When I physically push my body to its limits, force it to perform and behave athletically in the ways I demand, I take back control. I may never again complete in any sport, but athleticism continues to be an integral part of my emotional recovery and mental well-being. I work alone and quietly, and I work hard. Those precious hours are my outlet and my escape, and when I feel I don’t belong anywhere else, I still belong there.

There is reason and purpose — and so much comfort in being enough.

I’d hoped to branch out here in 2016, to write about various things that matter, explore what worries me and why, and maybe help explain why some experiences stubbornly linger as other moments fade without second thought.

The year was far heavier medically than anticipated, so dedicating time and emotional energy to that idea wasn’t feasible. 2017, though, will be different. It WILL mark the end of recovery and treatments, and I will have the time and cause (and will find the courage) to write more here, beyond mere medical updates.

I always worry, though, about ruining things (what things? I don’t know) by writing here, or writing about myself and my experiences. I worry that those who read will feel different toward me; I worry about making things awkward when they needn’t be.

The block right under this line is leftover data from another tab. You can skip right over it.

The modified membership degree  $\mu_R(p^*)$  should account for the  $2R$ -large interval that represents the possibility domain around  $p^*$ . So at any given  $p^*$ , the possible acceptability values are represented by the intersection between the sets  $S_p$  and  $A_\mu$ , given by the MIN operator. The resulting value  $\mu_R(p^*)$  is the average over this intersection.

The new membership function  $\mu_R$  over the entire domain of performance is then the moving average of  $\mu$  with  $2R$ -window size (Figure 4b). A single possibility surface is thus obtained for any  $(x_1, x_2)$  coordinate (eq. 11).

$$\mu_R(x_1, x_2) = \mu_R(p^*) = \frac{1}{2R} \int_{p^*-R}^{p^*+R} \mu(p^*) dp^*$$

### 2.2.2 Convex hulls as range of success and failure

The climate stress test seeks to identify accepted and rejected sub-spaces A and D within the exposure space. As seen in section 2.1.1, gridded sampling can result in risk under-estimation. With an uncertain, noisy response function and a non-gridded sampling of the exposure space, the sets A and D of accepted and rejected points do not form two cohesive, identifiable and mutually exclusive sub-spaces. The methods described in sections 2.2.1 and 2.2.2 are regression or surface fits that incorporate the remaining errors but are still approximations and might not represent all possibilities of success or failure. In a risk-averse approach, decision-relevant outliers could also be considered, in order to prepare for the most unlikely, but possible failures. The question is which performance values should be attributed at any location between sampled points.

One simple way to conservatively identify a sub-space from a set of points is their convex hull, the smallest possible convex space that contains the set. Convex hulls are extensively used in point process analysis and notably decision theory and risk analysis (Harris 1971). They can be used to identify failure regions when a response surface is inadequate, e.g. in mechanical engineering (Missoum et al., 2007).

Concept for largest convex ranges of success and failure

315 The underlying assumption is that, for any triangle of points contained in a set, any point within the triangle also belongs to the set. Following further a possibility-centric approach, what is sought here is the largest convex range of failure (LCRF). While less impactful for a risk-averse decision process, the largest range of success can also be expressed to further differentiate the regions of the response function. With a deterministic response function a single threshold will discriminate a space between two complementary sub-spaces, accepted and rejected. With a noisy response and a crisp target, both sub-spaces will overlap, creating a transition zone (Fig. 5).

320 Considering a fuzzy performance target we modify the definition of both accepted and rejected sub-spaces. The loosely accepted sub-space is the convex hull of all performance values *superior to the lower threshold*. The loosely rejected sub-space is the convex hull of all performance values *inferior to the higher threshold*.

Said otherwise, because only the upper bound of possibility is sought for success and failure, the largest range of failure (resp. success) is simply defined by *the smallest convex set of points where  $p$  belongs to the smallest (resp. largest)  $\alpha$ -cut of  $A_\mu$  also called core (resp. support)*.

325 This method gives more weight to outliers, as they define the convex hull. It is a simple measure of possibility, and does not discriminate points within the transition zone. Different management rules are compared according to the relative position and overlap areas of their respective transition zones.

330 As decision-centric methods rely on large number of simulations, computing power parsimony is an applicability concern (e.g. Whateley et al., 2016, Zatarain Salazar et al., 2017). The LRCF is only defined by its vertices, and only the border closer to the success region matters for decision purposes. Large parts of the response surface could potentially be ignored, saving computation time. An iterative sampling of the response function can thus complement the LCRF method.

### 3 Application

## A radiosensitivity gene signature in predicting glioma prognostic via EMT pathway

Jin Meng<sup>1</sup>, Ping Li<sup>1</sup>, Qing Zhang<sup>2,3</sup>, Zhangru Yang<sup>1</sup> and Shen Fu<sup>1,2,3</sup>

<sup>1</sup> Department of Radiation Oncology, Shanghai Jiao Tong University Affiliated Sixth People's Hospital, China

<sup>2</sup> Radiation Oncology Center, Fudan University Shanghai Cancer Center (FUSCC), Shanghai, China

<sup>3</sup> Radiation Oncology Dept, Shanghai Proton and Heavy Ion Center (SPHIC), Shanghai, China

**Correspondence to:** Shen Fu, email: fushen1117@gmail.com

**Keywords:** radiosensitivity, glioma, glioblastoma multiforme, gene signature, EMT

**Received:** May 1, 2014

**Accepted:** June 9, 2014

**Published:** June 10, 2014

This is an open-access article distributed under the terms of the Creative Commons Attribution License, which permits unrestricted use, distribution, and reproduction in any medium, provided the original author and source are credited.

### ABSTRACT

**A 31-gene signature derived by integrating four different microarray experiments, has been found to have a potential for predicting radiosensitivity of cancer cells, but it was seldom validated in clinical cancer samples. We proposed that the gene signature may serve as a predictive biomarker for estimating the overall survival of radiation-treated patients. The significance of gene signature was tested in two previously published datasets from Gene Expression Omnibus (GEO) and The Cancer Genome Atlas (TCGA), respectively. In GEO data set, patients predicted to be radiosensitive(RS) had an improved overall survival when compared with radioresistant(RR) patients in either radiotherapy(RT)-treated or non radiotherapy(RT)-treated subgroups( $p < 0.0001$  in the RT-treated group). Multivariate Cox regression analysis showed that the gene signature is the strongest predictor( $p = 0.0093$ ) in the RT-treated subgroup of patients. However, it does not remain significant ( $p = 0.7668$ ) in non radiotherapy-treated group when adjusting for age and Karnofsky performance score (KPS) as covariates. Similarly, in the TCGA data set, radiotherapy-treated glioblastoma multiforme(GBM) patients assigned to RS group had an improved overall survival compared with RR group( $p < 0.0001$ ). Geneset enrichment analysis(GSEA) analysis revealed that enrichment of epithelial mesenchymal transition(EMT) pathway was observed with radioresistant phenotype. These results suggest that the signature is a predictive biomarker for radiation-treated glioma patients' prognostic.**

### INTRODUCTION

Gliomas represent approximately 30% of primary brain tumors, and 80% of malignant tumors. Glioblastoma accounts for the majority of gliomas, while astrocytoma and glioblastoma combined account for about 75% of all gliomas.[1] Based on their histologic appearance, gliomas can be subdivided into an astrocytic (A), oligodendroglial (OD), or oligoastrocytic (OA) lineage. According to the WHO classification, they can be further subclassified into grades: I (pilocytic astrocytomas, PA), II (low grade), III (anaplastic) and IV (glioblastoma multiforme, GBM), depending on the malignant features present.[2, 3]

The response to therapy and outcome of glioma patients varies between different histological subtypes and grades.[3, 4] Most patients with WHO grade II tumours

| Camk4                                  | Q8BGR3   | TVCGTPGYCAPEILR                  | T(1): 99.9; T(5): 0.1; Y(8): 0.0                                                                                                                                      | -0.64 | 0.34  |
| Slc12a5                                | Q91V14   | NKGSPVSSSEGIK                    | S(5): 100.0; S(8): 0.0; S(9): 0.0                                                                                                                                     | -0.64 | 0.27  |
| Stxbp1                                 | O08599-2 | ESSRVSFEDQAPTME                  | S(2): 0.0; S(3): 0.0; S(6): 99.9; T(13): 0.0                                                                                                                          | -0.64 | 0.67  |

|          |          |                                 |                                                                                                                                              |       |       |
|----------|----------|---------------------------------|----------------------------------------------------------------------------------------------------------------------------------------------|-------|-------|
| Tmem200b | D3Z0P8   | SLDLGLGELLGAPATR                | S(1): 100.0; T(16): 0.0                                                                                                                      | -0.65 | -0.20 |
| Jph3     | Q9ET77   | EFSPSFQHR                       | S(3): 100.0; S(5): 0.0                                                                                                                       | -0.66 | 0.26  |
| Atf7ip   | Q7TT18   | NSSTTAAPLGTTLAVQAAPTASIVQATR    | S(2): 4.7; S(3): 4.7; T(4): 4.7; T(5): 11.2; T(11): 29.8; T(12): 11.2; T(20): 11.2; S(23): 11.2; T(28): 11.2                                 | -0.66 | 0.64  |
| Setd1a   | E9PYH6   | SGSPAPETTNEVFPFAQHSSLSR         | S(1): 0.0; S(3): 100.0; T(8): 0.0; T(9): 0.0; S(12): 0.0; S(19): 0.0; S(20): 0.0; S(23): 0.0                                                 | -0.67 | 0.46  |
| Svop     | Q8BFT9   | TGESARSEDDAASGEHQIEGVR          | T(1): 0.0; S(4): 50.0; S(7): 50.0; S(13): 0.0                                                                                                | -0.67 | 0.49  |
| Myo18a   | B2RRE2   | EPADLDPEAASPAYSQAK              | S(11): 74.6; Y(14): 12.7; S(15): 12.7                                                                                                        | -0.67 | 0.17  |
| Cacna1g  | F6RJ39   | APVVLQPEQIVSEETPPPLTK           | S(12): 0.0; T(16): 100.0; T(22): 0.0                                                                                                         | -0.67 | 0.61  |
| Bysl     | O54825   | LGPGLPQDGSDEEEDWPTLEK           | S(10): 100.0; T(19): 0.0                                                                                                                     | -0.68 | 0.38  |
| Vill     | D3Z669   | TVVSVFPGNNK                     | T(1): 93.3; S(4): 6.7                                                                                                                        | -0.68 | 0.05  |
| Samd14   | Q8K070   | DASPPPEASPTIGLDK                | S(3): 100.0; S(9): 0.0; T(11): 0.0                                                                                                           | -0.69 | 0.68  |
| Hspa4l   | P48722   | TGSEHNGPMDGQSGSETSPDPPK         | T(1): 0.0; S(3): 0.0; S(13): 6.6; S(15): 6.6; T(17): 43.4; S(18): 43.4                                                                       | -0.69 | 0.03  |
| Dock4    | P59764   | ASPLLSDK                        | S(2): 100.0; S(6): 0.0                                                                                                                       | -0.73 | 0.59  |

This is just a space for me to write things through. A non-physical outlet.

Still, I worry. But I also trust — trust that those who read will understand, and forgive, and accept me just the same.

And perhaps, for all my shortcomings, find I’m somehow still enough.

If you’ve made it this far, thanks so much for being here and for reading. I look forward to continuing this journey with you through 2017 and beyond.



Direct link to Project Smile, for more information, or to contribute: www.gofundme.com/apsmile

 

 

Trial and Error

 

Though I didn’t expect the experience to be entirely without issue, I honestly thought this surgery – or more specifically, the process – would be easier.

Maybe it’s because I felt un- or under-prepared and unfamiliar with nearly all involved: This was not my usual medical team, but a new specialist and surgeon, and a different hospital entirely from my usual treatment and surgical home base, meaning new nurses, foreign staff, and fresh residents — none of whom knew me, and none I could look to for reassurance or a familiar face, who’d been through everything else, able to recognize and understand if past trauma presented itself.

And it did, for whatever reason, immediately.